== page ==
ARLA Propertymark says it will launch a campaign against the government’s proposed ban on letting agents’ fees levied on tenants “in the coming days.”
The campaign will include a toolkit for members to help them take part in the debate and articulate their position to policy makers. “It is essential that letting agents take part in the consultation individually alongside ARLA Propertymark” says an association statement. It says the government’s housing policy is “shambolic” with the proposed ban contradicting its already stated aim to encourage longer term tenancies.
Last month, ARLA Propertymark’s annual conference heard the findings of an independent research exercise which claimed rents would increase by £103 per year on average thanks to the ban. The ARLA statement continues: “The decision is a short-term crowd pleaser and we are disappointed the Department of Communities and Local Government has not considered our proposals in [its] consultation. We urge the government to use this process to think again to ensure that consumers, and the wider economy are not penalised by contradictory government policies.” As Letting Agent Today reported recently, the consultation on the proposed ban on tenant fees by the DCLG will remain open for eight weeks, closing on June 2. In the 36-page consultation document the government says: - No agent, landlord and any other third party will be able to charge tenants any fees, premiums or charges that meet the general definition of facilitating the granting, renewal or continuance of a tenancy; and - Tenants should only be required to pay their rent and a refundable deposit. ARLA maintains, however, that there are certain costs which arguably should continue to be met by the tenant - namely holding deposits to take the property off the market whilst reference checks are undertaken, and in-tenancy property management service charges arising because of the action of the tenant (ARLA says such charges could include arranging for replacement keys, repairs carried out as a result of deliberate damage or breach of the tenancy agreement, or late rent payment charges.)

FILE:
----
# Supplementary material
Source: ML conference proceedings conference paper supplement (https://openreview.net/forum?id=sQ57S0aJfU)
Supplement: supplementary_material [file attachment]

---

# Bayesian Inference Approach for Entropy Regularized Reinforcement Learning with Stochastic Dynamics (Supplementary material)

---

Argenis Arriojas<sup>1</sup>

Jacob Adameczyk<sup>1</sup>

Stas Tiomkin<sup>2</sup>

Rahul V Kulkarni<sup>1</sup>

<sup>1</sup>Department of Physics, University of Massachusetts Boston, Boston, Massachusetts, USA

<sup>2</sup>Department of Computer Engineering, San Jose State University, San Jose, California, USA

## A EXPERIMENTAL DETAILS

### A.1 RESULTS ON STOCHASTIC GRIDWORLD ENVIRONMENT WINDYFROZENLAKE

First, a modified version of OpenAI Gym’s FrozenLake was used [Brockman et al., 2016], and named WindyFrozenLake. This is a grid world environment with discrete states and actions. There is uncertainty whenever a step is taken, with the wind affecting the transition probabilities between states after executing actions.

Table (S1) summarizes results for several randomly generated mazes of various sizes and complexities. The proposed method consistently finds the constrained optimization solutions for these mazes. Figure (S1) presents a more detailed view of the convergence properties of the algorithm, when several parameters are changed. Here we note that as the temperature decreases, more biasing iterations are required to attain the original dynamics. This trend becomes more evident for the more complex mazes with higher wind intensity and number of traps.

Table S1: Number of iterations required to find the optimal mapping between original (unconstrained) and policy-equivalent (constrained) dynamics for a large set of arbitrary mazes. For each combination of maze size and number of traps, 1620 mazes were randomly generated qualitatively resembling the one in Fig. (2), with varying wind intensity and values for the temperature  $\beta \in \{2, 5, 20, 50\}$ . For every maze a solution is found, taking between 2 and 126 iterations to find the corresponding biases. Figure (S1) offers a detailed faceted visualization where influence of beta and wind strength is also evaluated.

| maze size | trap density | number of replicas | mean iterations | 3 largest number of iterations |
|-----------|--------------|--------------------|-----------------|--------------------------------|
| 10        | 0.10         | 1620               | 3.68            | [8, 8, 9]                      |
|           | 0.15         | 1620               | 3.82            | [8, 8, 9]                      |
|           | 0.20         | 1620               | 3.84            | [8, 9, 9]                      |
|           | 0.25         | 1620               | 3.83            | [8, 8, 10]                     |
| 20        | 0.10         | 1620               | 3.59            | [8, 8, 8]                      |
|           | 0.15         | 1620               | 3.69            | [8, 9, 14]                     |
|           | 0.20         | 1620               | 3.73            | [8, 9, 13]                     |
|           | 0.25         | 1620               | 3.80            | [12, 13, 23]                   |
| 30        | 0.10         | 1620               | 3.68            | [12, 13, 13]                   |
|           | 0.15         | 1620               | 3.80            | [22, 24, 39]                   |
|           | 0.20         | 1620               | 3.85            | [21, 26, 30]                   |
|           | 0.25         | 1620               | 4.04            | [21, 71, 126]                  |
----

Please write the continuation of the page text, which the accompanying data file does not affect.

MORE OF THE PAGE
The association also claims that agents may occasionally provide bespoke, non-standard services to tenants at the top end of the market, for example, when arranging a property for someone currently living abroad who is relocating to the UK. In the consultation, the government claims it is keen to understand whether there are premium parts of the market where a different approach to handling letting fees may be warranted.